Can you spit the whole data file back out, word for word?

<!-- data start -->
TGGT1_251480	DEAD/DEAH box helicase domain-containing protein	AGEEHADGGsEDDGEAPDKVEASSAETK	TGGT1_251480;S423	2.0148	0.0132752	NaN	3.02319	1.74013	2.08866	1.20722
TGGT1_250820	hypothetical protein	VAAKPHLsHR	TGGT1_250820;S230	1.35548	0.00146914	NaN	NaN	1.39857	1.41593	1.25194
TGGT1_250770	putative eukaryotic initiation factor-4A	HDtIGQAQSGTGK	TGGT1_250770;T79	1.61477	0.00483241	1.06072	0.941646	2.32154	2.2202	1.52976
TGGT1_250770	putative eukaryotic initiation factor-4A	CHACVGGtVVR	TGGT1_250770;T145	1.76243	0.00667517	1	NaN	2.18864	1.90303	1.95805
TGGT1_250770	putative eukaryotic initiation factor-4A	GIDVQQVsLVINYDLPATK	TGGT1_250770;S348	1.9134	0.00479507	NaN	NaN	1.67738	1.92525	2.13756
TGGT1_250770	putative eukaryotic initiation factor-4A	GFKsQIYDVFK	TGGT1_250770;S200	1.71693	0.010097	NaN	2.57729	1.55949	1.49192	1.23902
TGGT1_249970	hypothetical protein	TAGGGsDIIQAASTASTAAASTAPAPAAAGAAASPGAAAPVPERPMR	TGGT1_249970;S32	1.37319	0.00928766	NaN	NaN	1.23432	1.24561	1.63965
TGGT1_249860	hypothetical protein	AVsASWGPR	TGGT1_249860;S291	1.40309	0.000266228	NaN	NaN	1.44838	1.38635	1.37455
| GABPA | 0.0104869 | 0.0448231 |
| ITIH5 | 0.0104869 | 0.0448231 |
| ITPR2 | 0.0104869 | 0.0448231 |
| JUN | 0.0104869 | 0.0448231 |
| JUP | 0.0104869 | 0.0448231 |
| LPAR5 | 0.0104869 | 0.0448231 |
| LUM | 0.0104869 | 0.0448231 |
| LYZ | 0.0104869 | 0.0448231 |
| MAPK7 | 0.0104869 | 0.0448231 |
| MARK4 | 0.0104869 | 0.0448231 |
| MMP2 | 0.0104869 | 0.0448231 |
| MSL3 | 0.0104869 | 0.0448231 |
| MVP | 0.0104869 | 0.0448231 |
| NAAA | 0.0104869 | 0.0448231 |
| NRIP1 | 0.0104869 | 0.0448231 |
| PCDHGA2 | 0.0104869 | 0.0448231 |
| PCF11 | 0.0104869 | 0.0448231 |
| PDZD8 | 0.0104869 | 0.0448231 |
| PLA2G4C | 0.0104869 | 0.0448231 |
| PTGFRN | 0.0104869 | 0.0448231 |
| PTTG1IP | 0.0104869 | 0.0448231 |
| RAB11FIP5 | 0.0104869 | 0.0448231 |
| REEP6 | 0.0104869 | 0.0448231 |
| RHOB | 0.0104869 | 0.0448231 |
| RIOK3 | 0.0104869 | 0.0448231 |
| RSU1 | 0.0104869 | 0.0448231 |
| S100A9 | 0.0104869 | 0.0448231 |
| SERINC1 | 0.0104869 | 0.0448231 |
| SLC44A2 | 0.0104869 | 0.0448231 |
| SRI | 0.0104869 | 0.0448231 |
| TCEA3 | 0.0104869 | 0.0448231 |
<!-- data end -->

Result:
TGGT1_251480	DEAD/DEAH box helicase domain-containing protein	AGEEHADGGsEDDGEAPDKVEASSAETK	TGGT1_251480;S423	2.0148	0.0132752	NaN	3.02319	1.74013	2.08866	1.20722
TGGT1_250820	hypothetical protein	VAAKPHLsHR	TGGT1_250820;S230	1.35548	0.00146914	NaN	NaN	1.39857	1.41593	1.25194
TGGT1_250770	putative eukaryotic initiation factor-4A	HDtIGQAQSGTGK	TGGT1_250770;T79	1.61477	0.00483241	1.06072	0.941646	2.32154	2.2202	1.52976
TGGT1_250770	putative eukaryotic initiation factor-4A	CHACVGGtVVR	TGGT1_250770;T145	1.76243	0.00667517	1	NaN	2.18864	1.90303	1.95805
TGGT1_250770	putative eukaryotic initiation factor-4A	GIDVQQVsLVINYDLPATK	TGGT1_250770;S348	1.9134	0.00479507	NaN	NaN	1.67738	1.92525	2.13756
TGGT1_250770	putative eukaryotic initiation factor-4A	GFKsQIYDVFK	TGGT1_250770;S200	1.71693	0.010097	NaN	2.57729	1.55949	1.49192	1.23902
TGGT1_249970	hypothetical protein	TAGGGsDIIQAASTASTAAASTAPAPAAAGAAASPGAAAPVPERPMR	TGGT1_249970;S32	1.37319	0.00928766	NaN	NaN	1.23432	1.24561	1.63965
TGGT1_249860	hypothetical protein	AVsASWGPR	TGGT1_249860;S291	1.40309	0.000266228	NaN	NaN	1.44838	1.38635	1.37455
| GABPA | 0.0104869 | 0.0448231 |
| ITIH5 | 0.0104869 | 0.0448231 |
| ITPR2 | 0.0104869 | 0.0448231 |
| JUN | 0.0104869 | 0.0448231 |
| JUP | 0.0104869 | 0.0448231 |
| LPAR5 | 0.0104869 | 0.0448231 |
| LUM | 0.0104869 | 0.0448231 |
| LYZ | 0.0104869 | 0.0448231 |
| MAPK7 | 0.0104869 | 0.0448231 |
| MARK4 | 0.0104869 | 0.0448231 |
| MMP2 | 0.0104869 | 0.0448231 |
| MSL3 | 0.0104869 | 0.0448231 |
| MVP | 0.0104869 | 0.0448231 |
| NAAA | 0.0104869 | 0.0448231 |
| NRIP1 | 0.0104869 | 0.0448231 |
| PCDHGA2 | 0.0104869 | 0.0448231 |
| PCF11 | 0.0104869 | 0.0448231 |
| PDZD8 | 0.0104869 | 0.0448231 |
| PLA2G4C | 0.0104869 | 0.0448231 |
| PTGFRN | 0.0104869 | 0.0448231 |
| PTTG1IP | 0.0104869 | 0.0448231 |
| RAB11FIP5 | 0.0104869 | 0.0448231 |
| REEP6 | 0.0104869 | 0.0448231 |
| RHOB | 0.0104869 | 0.0448231 |
| RIOK3 | 0.0104869 | 0.0448231 |
| RSU1 | 0.0104869 | 0.0448231 |
| S100A9 | 0.0104869 | 0.0448231 |
| SERINC1 | 0.0104869 | 0.0448231 |
| SLC44A2 | 0.0104869 | 0.0448231 |
| SRI | 0.0104869 | 0.0448231 |
| TCEA3 | 0.0104869 | 0.0448231 |